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NCHPAD - Building Healthy Inclusive Communities

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Playground Rules


Playground rules can be printed and posted on signs and enforced by parents and other authority figures to keep children safe and to avoid lawsuits. These sets of rules should be uniform for individual playgrounds, but can vary from playground to playground. The importance of uniformity in rules relates heavily to adult influence on playground activities. When adults are overheard commenting on how children aside from their own should and should not be allowed to play, it creates an additional layer of stress. Parents may feel pressured to encourage their children to play in a certain way at a playground based on verbal comments and looks from other parents who prefer certain rules to be upheld, lest their own child be injured or influenced to play less safely due to breaking a rule. It is okay for children to see themselves and others playing differently from each other.

Below is a list of rules (see Table 2) that may be seen on posted signs or audibly heard relating to how children “should” play in playground environments. A rationale statement follows each rule and highlights how breaking these rules can benefit play skill development.

Table 2: Breaking Playground Rules

Ladders

Rule: "Do not clumb without using both hands."

  • Rationale statement: A child may be well-balanced, competent, and ready to climb in different ways, if they prefer and are able to do so.  Without seeing a child's climbing skills in action, it cannot be assumed that the child is unsafe climbing wtihout two hands.

Rule: "Do not start at the opposite ends of monkey bars.  Everyone start at the same end and moeve in the same direction.  Do not stand on top of ladder.  Stay well behind the person in front of you."

  • Rationale statement: Telling childen how to work through a problem they have not yet encountered will take away the experience of problem-solving.
Seesaws/Teeter Totters

Rule: "Do not lean back on seesaws/teeter totters.  Sit straight.  Hold on with both hands. Do not stand or run on the board or plank.  Sit on the seats only."

  • Rationale statement: Once children achieve independence riding on a seesaw or teeter totter in the traditional manner, they will naturally find ways of making the activity more exciting by making small adaptations and gradually increasing the degree of difficulty and sense of reward. Therefore, it can be incredibly restrictive to make a rule that children must ride in a specific manner.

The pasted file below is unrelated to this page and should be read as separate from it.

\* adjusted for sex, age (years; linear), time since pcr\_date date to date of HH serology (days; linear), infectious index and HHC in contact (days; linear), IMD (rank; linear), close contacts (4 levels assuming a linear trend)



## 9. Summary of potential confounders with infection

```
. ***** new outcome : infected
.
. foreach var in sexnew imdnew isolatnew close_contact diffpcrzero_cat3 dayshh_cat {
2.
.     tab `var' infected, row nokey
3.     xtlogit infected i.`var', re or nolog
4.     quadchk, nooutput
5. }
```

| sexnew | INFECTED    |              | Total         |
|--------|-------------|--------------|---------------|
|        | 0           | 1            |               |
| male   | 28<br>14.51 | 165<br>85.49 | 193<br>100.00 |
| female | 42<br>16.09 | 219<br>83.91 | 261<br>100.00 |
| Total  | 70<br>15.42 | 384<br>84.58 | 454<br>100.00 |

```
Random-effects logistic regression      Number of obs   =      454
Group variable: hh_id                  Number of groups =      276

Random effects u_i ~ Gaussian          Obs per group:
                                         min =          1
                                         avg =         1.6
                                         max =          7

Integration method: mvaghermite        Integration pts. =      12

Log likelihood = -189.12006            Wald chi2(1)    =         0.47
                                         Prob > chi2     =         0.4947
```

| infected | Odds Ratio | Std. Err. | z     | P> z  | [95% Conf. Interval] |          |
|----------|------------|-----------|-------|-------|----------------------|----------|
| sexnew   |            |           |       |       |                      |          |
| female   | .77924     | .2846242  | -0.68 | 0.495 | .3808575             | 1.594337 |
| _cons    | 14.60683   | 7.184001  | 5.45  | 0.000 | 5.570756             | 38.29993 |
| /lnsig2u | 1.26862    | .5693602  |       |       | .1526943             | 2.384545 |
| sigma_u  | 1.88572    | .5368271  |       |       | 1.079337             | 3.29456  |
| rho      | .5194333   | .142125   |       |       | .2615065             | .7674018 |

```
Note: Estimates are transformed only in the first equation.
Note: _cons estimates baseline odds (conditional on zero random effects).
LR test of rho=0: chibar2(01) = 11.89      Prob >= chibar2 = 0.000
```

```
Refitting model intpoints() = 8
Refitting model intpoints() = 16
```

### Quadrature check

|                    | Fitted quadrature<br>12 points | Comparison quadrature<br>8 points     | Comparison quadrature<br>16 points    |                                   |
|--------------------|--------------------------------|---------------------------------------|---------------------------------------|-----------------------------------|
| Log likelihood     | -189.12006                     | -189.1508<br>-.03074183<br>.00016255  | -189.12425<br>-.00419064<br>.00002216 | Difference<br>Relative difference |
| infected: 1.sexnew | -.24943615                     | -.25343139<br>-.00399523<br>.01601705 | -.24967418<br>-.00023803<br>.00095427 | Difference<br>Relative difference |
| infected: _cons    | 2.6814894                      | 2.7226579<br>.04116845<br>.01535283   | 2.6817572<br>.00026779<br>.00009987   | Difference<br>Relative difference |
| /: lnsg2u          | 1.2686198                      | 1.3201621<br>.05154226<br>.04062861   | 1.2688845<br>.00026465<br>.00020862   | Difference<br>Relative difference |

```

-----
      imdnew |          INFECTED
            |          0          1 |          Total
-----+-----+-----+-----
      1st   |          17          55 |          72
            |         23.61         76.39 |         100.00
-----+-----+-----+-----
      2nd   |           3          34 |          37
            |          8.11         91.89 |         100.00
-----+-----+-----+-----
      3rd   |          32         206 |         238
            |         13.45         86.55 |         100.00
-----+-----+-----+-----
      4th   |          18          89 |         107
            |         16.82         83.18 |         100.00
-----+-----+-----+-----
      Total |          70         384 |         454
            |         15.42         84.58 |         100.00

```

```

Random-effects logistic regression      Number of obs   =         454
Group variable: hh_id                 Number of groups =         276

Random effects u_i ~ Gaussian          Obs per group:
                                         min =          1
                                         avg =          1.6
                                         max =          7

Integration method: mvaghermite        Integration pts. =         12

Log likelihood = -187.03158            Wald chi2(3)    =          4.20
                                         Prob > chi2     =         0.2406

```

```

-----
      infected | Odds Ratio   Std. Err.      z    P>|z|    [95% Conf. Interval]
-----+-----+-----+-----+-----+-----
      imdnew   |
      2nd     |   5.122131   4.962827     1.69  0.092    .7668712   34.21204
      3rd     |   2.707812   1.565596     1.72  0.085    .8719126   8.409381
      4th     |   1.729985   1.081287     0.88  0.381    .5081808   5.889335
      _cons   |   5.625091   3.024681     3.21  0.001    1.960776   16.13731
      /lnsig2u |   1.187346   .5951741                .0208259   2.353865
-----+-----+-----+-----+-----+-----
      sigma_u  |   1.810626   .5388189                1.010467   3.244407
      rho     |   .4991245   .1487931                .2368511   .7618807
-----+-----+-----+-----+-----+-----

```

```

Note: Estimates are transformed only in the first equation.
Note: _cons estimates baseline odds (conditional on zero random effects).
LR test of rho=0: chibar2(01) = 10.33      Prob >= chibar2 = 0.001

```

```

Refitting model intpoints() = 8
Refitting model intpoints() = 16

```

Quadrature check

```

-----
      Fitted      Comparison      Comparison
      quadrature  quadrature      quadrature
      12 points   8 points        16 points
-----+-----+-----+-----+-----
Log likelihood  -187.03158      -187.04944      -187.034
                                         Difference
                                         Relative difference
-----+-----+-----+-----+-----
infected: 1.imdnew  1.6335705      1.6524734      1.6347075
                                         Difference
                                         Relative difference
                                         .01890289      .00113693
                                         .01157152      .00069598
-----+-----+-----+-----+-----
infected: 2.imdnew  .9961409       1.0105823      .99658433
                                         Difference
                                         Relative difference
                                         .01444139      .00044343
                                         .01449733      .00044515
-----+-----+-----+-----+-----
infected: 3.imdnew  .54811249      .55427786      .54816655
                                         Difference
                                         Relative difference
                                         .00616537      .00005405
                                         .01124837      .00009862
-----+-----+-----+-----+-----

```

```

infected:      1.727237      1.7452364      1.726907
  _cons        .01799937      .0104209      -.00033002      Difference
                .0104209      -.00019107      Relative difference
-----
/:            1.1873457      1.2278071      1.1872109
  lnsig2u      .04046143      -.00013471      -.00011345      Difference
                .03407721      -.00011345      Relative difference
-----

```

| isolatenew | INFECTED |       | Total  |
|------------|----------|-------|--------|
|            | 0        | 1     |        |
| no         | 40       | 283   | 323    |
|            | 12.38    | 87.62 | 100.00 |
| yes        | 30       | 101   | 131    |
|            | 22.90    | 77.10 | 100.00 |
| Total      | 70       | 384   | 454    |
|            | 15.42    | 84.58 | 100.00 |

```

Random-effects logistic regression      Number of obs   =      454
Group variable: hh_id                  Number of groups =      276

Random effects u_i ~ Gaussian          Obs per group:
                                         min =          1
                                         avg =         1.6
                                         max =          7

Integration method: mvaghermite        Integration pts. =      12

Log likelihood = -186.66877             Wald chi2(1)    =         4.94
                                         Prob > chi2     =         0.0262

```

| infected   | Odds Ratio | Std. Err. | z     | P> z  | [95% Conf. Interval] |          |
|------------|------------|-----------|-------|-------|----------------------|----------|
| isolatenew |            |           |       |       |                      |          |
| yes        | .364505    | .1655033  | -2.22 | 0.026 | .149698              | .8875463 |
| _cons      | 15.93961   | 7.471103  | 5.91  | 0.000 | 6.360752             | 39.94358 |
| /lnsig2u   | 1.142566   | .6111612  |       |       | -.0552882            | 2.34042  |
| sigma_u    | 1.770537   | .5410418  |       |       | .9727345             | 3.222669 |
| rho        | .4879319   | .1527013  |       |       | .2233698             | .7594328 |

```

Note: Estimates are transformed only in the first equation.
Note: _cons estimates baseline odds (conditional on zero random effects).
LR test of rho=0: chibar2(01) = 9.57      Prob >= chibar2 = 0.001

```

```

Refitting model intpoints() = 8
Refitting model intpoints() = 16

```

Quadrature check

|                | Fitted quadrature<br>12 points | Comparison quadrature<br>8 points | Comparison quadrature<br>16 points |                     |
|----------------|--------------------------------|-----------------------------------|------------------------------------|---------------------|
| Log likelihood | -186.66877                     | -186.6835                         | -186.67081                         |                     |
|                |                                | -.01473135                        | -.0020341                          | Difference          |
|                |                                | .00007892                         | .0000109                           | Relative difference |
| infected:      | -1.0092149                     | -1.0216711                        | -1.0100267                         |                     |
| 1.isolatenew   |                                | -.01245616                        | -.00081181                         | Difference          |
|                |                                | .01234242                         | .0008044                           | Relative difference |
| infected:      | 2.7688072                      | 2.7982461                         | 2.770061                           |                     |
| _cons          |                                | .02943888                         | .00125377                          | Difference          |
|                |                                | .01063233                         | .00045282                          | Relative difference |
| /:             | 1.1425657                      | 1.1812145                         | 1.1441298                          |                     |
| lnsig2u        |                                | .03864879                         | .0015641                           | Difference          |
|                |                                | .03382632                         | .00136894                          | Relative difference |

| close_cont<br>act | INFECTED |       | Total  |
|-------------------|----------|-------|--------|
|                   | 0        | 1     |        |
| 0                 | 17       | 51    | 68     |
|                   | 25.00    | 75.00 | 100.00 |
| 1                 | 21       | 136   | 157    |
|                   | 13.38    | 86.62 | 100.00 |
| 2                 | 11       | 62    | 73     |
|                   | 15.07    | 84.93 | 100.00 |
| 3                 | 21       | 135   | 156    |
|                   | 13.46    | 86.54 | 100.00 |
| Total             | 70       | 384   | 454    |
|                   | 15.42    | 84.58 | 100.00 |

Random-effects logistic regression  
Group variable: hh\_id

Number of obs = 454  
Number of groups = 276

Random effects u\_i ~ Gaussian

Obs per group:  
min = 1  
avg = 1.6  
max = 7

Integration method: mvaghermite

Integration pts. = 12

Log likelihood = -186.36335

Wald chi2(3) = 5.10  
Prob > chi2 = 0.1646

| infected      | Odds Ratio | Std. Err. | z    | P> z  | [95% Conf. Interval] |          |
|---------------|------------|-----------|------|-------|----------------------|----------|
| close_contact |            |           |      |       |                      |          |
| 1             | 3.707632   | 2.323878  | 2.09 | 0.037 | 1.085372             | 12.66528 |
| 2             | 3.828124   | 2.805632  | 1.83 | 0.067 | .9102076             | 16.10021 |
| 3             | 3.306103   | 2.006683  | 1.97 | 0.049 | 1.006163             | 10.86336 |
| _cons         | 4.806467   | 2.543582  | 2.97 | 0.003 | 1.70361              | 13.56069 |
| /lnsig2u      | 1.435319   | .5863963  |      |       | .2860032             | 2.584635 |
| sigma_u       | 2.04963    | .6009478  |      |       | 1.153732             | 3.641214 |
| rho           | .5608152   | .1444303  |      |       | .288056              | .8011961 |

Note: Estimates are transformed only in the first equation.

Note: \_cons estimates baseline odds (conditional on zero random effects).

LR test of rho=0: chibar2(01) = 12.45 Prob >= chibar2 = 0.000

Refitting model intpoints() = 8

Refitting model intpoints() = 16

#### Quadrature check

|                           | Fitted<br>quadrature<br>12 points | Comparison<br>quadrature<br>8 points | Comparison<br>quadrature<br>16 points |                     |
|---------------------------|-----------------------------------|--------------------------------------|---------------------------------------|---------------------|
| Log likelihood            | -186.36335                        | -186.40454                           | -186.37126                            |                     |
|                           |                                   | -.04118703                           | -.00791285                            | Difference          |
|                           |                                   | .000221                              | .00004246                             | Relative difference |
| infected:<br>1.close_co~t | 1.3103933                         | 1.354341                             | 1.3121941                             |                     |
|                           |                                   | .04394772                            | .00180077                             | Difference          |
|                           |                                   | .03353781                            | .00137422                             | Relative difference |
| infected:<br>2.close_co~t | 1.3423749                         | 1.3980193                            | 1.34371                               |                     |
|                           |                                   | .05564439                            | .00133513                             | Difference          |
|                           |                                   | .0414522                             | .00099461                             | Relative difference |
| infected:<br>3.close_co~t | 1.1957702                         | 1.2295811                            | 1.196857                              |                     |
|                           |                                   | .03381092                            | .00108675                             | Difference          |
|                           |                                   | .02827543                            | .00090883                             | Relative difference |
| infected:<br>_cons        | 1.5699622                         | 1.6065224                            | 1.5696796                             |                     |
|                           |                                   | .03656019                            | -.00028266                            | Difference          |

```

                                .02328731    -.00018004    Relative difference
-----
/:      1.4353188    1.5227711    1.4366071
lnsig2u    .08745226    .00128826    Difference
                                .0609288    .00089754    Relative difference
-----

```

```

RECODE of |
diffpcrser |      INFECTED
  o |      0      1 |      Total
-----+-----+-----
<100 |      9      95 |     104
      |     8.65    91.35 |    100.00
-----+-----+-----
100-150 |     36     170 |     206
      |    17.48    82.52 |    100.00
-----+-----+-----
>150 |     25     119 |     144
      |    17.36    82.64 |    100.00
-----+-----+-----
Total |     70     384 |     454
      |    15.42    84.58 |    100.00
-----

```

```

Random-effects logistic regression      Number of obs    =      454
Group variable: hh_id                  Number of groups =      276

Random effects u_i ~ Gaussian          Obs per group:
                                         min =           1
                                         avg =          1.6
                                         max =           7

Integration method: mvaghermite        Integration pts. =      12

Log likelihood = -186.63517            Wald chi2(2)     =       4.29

Slides

Rule:  “Do not climb up the sliding surface of slides. Use the ladder. Hold on with both hands. Take one step at a time. Do not slide down improperly. Slide feet first, sitting up, and one at a time.”

  • Rationale statement:  Climbing slides is a brilliant way for children to have a powerful burst of tactile and proprioceptive (“heavy work”) sensory input. Hard-working muscles engaged in the gripping, pulling, climbing action, as well as the deep pressure input going through the open palms, feet, wrist, shoulder, ankle, knee, and hip joints in the ‘bear walk’ position (hands and feet), send strong messages to the brain about body position.
Swings

Rule:  “Only one person per swing at a time. Always sit in the center of the swing; do not stand or kneel. Hold the chains tightly with both hands. Stop the swing completely before getting off. No jumping off the swings, twisting the ropes/chains of the swing, or sideways swinging. Do not push other children on the swings. If you cannot start swinging on your own, ask an adult to push you softly to get you started.”

  • Rationale statement:  Children do not like swinging for hours on end in exactly the same manner.
    All the different ways to swing are wonderful movement experiences to support a maturing sensory system. Jumping off the swing is a great way to practice the motor planning skills of prediction and timing.
Fire Poles

Rule:  “Hold on with both hands and wrap your legs around the pole when you slide down. Slide down carefully and make sure you land on two feet with your knees slightly bent.”

  • Rationale statement:  Children will typically learn how to slide down (or shimmy up, or swing around) fire poles by watching other children (or adults) as visual examples.

Rule: "No bare feet/Wear proper footwear."

  • Rationale statement:  Sensory seekers will love feeling the variety of textures at the playground through their feet (e.g., wood, metal, leaves, sand, dirt, mud, grass, puddles). Feeling a variety of textures through the feet will support the development of tactile discrimination and sensory processing efficiency in general. This relates to the development of good body awareness and knowledge of how one’s body interacts with the world/environment. Always be aware of and immediately remove glass, needles, or sharp objects that might result in injury.

Children should be encouraged to create their own play rules while respecting others’ ideas. The key is to use common sense and ensure appropriate adult supervision at all times. Breaking playground rules can lead to deeper, more meaningful play, a broader play skill set, and many and varied developmental gains and improvements.


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